The Apple HomePod (2nd generation) has four microphones to automatically adapt audio to the room it's in, but according to a recent patent, Apple wants to do more to get things sounding just right. The patent, which was approved, could see the HomePod adjust before you’ve even told it what to do.
With the incoming HomePod 2, Apple looks set to include a host of new smart home features and all-important matter compatibility. But this new patent, discovered by AppleInsider (opens in new tab) titled “Multi Media Computing Or Entertainment System For Responding To User Presence And Activity” will see the HomePod react to whoever is in the room without even being addressed.
This could be "expressed through hand gesture movements," such as waving to play/pause or conductor-style gestures to raise and lower audio volume, playing something upbeat when it detects dancing, or even noticing when a room is empty to stop playback. Apple states in the patent that "the system can better approximate and fulfill user desires, whether expressed literally or impliedly." However, this could be using more personal information than you would expect a smart speaker to need.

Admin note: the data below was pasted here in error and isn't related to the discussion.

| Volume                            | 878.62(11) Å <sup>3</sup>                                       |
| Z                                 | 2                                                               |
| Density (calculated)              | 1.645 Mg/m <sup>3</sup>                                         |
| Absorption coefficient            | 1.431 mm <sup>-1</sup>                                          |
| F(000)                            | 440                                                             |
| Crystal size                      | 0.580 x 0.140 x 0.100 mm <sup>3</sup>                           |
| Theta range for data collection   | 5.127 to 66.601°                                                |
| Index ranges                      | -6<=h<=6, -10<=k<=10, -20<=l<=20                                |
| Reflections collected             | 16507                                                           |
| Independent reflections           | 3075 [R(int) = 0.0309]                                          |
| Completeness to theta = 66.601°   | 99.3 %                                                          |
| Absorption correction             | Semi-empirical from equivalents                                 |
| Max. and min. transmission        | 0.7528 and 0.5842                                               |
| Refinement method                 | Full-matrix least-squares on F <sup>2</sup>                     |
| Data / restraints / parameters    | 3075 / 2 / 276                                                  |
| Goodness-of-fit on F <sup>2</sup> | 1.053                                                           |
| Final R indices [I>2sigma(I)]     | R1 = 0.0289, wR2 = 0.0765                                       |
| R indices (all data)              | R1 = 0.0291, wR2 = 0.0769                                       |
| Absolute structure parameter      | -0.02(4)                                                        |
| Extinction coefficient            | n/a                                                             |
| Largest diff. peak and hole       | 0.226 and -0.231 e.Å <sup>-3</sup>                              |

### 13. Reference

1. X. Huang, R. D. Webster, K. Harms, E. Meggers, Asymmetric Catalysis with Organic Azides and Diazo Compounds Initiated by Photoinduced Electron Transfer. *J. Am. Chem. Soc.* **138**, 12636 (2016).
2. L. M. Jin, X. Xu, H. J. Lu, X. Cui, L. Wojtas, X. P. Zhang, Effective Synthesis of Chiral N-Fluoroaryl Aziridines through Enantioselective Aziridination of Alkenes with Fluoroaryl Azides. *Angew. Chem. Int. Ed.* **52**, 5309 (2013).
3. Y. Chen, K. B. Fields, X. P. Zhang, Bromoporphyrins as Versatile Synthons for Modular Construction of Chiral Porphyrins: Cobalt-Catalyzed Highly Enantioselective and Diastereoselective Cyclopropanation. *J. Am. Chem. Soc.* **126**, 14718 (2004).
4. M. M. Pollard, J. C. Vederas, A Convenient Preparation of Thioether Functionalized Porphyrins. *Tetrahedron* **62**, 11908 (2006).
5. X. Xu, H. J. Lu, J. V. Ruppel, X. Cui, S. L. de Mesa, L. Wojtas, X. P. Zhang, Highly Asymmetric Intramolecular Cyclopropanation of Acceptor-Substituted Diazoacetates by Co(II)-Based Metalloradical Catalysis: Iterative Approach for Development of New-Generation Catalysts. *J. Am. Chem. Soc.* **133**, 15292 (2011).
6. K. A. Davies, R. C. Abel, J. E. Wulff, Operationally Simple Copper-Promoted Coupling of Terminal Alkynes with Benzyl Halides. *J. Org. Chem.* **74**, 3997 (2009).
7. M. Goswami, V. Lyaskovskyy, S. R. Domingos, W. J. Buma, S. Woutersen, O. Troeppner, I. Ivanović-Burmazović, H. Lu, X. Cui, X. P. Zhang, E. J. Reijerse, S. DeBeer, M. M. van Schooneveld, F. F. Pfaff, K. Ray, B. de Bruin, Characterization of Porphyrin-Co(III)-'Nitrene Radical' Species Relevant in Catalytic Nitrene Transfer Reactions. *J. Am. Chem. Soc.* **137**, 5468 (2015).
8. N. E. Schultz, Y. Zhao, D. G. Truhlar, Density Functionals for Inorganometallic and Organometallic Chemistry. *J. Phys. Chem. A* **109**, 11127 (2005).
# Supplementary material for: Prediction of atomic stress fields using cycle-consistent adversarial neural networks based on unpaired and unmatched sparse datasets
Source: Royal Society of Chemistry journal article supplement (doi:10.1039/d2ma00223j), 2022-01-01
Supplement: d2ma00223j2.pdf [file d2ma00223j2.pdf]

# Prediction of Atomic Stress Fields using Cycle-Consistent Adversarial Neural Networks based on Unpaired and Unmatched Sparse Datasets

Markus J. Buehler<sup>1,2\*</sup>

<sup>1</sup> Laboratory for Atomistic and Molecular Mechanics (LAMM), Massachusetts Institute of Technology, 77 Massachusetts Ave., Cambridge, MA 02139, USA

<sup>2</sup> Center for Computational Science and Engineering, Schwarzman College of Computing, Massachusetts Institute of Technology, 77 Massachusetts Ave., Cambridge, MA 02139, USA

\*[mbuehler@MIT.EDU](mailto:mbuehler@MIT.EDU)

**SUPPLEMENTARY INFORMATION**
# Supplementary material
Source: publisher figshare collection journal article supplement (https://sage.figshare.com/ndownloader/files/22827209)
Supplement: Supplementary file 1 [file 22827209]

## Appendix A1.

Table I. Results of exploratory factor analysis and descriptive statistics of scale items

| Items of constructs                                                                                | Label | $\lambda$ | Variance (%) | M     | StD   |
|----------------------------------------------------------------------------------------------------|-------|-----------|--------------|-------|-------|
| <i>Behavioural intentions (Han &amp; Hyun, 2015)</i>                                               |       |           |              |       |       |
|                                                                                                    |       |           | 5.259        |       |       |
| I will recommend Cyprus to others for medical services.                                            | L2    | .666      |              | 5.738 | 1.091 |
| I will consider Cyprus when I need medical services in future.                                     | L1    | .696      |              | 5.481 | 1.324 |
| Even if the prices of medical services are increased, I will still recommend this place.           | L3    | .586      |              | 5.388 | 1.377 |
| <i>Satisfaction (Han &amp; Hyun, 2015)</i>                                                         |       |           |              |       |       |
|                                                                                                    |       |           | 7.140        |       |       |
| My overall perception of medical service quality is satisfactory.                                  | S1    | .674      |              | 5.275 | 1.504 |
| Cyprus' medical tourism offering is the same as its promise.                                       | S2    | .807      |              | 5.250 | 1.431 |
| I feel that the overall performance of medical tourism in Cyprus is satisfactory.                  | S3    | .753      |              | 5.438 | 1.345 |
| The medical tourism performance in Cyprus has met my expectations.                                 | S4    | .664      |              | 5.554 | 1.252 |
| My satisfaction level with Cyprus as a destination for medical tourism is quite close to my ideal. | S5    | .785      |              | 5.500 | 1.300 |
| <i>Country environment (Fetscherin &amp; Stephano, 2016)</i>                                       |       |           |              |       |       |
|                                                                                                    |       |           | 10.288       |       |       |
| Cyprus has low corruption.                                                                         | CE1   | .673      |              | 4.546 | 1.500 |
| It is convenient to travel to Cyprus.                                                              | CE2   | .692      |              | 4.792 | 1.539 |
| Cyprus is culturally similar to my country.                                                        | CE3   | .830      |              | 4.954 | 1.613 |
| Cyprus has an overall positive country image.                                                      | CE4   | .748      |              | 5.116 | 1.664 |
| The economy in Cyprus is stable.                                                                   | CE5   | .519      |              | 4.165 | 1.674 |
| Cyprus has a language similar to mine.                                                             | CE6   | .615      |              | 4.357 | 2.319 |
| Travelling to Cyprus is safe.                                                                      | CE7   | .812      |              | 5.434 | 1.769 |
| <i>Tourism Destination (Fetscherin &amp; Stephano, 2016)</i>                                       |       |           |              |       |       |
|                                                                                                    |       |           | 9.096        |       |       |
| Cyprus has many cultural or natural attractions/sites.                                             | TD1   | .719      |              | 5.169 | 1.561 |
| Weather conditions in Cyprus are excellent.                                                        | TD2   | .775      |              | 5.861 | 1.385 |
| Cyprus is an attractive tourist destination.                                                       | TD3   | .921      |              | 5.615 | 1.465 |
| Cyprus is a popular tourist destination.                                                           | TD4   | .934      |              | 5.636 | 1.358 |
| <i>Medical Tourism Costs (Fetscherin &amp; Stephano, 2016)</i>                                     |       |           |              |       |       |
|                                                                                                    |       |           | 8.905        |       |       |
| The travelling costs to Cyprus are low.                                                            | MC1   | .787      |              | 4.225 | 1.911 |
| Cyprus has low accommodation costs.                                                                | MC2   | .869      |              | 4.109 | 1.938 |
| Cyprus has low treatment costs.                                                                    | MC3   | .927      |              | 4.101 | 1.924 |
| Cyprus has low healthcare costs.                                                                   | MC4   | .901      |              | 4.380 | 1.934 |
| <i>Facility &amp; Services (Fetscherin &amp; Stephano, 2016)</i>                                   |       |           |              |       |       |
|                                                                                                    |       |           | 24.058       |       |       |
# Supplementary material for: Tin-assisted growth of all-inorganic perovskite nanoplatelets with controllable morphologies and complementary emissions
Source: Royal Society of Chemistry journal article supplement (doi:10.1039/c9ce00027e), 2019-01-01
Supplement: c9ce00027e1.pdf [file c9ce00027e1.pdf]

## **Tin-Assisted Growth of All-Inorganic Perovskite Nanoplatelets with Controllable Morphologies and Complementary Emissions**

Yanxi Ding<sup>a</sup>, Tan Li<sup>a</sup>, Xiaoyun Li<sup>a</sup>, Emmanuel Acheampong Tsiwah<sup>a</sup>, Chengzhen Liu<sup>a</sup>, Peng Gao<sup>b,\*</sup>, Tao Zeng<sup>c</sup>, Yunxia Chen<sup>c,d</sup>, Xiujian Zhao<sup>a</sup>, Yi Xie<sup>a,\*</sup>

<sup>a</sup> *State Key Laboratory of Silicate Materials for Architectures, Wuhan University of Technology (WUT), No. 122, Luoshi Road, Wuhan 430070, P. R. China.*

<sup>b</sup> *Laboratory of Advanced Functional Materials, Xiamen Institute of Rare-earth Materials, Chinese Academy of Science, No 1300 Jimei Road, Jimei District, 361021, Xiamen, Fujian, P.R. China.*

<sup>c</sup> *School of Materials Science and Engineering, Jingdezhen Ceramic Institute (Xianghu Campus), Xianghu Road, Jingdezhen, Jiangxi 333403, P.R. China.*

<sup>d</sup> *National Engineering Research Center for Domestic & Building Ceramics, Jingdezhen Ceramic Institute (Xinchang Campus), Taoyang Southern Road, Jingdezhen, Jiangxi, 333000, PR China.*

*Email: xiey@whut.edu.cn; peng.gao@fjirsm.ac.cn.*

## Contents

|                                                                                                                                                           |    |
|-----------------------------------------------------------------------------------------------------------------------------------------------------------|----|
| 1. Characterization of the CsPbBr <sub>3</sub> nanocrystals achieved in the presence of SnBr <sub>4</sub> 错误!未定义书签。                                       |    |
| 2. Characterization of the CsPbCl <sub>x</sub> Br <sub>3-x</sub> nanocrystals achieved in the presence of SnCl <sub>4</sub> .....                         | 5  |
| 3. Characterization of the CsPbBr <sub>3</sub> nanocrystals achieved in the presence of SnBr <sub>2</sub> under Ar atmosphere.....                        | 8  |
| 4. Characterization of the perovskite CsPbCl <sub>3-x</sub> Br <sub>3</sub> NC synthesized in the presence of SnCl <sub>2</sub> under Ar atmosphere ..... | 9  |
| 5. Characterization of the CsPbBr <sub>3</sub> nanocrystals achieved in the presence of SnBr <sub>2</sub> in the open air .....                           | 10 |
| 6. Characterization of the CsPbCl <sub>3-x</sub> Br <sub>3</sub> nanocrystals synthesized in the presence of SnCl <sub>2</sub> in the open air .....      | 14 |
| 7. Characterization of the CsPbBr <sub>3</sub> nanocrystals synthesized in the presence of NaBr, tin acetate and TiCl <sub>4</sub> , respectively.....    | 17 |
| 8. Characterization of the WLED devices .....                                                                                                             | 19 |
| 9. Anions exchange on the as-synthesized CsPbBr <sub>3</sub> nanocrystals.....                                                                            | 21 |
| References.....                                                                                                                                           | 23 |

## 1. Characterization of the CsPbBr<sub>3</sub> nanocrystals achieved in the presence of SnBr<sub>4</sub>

Apple cites an example in the patent: “If a user is detected as older in age and that user expressly requests a higher volume, the system may decide that the user requires better differentiation of voice dialog in the system output. Therefore, the system may change the relative spectral distribution of the system output rather than increase the average volume."
While this equalizer style adjustment would no doubt be welcomed by some, many will be wary to invite Apple into their home to such a degree. It is worth noting of course that a patent being filed successfully does not mean that the system will be implemented and that this level of information is also similarly stored in iPhone users' Apple accounts already.
These features aren't the first time Apple has incorporated gestures to control its devices; you can control certain aspects of the Apple Watch using hand gestures. However, this new patent looks to take things even further, and could make the HomePod not just a good music device, but one that's more relevant to an aging community — just like how the AirPods can be used as a hearing aid.